Expect developments like these and others to continue, spurred on in part by outside forces. Earlier this year, for example, the Tennessee state legislature passed a pair of bills Gov. Bill Haslam signed that support blockchain technology in the state, in part by protecting ownership rights of certain information secured by blockchain.

In terms of the way the cotton business is done, Pryor walks through how a blockchain-based transaction would unfold in a way that compares it to something like a digital proof of title.

“In the traditional trading of cotton today, the clearing instrument or the title document is an electronic warehouse receipt,” Pryor says. “In a blockchain world, the actual bale — when it’s created, as soon as it leaves the gin — may go into 10 or 20 different warehouses, but it’ll be represented by a token. An electronic digital token that represents this physical asset. So in the future what we’re seeing for trading with bales is, instead of using an electronic warehouse receipt as has traditionally been done, you’ll actually have a tokenized asset on blockchain that represents that bale uniquely and allows you to trade it regardless of what warehouse it might be in.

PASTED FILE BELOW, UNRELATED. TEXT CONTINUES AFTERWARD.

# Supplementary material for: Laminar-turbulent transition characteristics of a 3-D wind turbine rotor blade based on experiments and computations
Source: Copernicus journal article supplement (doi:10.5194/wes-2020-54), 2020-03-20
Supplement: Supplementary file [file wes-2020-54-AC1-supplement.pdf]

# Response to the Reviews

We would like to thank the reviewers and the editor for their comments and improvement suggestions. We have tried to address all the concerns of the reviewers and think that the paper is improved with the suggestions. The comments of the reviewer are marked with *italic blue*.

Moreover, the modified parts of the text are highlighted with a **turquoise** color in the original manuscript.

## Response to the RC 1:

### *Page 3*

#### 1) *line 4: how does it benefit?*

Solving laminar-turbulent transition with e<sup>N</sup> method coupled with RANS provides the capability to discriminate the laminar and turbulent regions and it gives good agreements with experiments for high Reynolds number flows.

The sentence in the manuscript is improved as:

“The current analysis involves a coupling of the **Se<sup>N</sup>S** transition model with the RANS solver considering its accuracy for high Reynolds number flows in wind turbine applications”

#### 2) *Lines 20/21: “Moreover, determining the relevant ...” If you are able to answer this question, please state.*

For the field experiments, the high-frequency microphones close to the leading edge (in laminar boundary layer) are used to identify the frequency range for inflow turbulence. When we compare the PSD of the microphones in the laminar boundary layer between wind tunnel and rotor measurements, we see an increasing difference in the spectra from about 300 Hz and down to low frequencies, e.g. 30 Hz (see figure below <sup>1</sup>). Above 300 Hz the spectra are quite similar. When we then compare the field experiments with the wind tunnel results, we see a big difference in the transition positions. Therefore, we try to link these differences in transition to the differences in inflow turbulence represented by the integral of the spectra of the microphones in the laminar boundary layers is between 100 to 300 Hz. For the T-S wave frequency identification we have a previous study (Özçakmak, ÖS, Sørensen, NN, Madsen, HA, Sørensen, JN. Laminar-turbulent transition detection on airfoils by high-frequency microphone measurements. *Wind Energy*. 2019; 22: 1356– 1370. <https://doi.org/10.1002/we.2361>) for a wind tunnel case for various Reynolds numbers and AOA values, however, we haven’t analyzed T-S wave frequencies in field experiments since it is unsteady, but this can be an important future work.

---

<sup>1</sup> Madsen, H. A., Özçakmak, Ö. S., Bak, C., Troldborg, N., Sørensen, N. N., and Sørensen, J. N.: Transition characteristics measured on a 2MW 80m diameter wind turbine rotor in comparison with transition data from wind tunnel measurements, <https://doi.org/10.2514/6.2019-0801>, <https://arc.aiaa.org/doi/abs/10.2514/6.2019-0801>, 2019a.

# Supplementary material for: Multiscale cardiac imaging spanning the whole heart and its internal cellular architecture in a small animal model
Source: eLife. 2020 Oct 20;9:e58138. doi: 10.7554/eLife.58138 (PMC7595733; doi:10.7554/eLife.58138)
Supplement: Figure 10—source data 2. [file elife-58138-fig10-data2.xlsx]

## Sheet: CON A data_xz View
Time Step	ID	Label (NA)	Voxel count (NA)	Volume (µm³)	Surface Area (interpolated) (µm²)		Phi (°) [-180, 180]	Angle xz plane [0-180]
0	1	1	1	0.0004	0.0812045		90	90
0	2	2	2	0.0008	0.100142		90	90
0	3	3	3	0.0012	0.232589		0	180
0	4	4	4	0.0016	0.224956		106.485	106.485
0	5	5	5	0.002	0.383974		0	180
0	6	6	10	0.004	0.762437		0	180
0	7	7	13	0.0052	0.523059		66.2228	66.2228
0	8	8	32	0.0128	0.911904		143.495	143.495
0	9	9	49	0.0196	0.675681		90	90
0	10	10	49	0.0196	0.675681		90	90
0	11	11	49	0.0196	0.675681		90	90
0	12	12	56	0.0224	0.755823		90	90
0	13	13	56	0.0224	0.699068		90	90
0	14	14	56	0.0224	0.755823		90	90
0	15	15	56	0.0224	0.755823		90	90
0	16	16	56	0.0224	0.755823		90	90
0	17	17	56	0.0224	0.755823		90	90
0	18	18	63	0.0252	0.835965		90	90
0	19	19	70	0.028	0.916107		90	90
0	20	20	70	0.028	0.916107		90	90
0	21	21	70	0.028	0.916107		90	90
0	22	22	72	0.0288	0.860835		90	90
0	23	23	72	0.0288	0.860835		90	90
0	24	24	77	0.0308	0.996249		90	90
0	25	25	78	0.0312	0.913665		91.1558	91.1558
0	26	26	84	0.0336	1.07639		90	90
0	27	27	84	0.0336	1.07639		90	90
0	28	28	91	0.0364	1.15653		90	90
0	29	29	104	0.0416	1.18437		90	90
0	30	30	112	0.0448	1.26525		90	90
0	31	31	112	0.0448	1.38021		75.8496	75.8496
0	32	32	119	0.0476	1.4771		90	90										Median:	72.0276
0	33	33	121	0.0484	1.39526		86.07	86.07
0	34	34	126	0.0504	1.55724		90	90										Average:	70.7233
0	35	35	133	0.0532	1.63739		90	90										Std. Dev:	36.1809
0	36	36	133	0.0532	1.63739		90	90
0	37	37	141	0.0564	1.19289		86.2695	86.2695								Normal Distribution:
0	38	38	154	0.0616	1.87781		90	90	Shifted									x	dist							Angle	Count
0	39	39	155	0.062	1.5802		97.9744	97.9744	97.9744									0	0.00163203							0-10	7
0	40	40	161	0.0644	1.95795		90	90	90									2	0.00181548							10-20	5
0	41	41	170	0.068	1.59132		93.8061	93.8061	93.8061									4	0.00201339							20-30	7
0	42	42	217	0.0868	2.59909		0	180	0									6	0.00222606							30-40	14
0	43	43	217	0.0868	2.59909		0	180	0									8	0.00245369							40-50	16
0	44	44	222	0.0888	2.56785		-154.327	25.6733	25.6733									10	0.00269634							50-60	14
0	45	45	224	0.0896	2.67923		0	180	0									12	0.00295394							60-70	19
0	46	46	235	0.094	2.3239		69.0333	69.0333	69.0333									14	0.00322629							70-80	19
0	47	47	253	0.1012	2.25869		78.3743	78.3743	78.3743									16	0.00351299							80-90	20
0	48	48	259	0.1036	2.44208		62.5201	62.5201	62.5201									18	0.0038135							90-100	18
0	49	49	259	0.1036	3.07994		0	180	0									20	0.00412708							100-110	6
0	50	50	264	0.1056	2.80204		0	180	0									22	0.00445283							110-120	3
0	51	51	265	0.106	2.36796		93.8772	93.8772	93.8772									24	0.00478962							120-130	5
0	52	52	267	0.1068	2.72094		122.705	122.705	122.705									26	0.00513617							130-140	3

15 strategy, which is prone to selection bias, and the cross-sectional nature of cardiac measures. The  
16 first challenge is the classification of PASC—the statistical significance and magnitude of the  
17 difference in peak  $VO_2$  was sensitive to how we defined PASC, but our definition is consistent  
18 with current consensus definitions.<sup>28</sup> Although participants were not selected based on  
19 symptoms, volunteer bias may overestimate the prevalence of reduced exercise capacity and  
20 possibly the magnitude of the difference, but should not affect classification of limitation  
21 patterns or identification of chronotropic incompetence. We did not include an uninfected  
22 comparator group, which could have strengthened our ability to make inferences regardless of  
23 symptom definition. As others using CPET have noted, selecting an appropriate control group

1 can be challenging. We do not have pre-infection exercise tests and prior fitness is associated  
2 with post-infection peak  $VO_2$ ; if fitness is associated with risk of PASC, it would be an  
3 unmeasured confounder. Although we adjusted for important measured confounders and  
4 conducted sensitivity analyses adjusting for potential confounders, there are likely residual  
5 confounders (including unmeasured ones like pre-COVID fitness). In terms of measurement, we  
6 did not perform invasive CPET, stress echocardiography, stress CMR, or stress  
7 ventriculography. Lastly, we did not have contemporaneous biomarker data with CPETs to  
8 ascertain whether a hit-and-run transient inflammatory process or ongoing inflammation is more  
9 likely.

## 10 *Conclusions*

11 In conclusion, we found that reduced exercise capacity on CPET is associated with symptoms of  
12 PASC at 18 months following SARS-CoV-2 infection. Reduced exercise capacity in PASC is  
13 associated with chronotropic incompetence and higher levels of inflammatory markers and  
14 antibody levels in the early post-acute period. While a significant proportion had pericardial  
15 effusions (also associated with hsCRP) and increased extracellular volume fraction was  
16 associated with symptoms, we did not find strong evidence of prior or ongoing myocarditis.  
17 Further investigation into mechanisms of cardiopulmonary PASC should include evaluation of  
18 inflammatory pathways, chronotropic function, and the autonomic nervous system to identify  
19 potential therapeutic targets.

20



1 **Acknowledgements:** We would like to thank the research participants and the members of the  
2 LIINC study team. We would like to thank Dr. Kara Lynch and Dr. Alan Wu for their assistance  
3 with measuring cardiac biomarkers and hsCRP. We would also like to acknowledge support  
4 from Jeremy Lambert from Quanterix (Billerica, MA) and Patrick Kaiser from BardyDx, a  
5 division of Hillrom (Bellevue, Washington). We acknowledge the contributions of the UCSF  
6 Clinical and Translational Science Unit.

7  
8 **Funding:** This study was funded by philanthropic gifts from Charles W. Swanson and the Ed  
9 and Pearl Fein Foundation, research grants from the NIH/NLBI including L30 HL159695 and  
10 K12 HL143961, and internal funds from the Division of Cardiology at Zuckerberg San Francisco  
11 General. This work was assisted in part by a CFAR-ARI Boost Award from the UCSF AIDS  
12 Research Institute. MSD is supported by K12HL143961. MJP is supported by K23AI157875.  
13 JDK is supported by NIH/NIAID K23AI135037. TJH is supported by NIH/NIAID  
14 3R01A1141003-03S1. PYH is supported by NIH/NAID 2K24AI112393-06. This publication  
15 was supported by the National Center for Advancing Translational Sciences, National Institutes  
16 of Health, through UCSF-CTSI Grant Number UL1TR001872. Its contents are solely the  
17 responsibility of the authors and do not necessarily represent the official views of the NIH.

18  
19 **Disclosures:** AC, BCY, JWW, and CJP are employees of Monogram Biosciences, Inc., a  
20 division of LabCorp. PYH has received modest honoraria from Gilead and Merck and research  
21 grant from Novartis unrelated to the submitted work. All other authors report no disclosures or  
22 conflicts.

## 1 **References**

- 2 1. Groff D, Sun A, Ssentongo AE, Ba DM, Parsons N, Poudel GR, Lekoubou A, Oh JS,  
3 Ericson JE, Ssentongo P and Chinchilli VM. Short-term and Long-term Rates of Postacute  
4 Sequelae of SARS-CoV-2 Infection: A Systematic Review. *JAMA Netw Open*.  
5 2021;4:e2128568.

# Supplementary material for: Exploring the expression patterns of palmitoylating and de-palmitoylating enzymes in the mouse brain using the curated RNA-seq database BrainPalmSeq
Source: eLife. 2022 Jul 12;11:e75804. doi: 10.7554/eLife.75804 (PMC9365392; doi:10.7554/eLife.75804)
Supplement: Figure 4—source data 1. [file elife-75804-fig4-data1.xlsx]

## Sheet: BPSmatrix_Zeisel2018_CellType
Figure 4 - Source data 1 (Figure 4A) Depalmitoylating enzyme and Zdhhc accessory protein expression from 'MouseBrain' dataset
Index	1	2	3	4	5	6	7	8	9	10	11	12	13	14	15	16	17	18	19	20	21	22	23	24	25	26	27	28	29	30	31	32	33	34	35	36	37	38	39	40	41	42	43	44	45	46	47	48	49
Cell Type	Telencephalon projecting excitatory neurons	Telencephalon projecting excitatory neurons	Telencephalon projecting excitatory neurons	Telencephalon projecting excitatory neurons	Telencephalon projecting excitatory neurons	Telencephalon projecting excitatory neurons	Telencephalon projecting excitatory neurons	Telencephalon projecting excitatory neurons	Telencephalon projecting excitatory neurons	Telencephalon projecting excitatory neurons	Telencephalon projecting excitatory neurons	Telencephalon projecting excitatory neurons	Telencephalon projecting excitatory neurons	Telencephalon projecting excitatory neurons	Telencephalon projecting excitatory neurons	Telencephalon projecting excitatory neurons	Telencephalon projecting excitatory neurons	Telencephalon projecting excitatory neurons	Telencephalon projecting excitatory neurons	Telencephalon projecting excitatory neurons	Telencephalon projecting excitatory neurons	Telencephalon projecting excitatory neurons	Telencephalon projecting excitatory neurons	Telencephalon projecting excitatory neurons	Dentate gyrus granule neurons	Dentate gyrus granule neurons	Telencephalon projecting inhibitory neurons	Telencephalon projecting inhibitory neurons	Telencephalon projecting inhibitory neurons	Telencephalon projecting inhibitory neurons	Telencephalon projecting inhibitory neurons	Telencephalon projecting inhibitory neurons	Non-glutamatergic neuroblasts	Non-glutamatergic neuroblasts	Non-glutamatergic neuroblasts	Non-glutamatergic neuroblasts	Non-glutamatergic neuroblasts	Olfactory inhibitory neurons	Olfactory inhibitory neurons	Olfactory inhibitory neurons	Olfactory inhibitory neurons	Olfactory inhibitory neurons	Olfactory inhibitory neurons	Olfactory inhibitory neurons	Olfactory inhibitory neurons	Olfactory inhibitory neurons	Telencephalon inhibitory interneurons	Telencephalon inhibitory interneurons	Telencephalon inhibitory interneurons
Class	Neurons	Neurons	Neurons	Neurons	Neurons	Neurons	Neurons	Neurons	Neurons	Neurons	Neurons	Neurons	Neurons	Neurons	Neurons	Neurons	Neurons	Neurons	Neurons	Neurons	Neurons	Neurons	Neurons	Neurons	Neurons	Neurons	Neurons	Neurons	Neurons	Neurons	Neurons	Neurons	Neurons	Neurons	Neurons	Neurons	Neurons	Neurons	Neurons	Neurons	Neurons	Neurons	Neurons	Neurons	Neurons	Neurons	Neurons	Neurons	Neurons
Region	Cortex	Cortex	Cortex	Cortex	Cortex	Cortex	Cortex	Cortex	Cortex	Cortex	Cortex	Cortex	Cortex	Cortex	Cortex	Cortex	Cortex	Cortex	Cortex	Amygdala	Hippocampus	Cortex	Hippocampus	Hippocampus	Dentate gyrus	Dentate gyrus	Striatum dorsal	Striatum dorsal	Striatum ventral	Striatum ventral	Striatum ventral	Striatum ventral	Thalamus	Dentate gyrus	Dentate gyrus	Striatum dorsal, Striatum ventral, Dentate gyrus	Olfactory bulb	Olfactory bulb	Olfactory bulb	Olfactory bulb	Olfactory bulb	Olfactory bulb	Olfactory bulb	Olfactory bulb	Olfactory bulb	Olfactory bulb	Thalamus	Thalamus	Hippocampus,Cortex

“The other thing in cotton is just the efficiencies of the global trade process,” he continues. “Currently, there’s lots of paper that’s involved in a transaction of shipping goods to the destination, and blockchain provides a shared source of truth for that, so you don’t have to have a lot of different systems capturing the same information in their own proprietary way.”

You get the sense from taking all this in and from talking to some of the players that we’re on the cutting edge right now of the promise of blockchain. It’s certainly a word that, in the months and years to come, you will definitely hear more of and see the effects of in Memphis, even if you don’t fully understand why right now.

“Blockchain can produce radical efficiencies in very complex, paper-laden global trade,” Pryor says. “This is something that’s going to happen and it’s going to be really amazing.”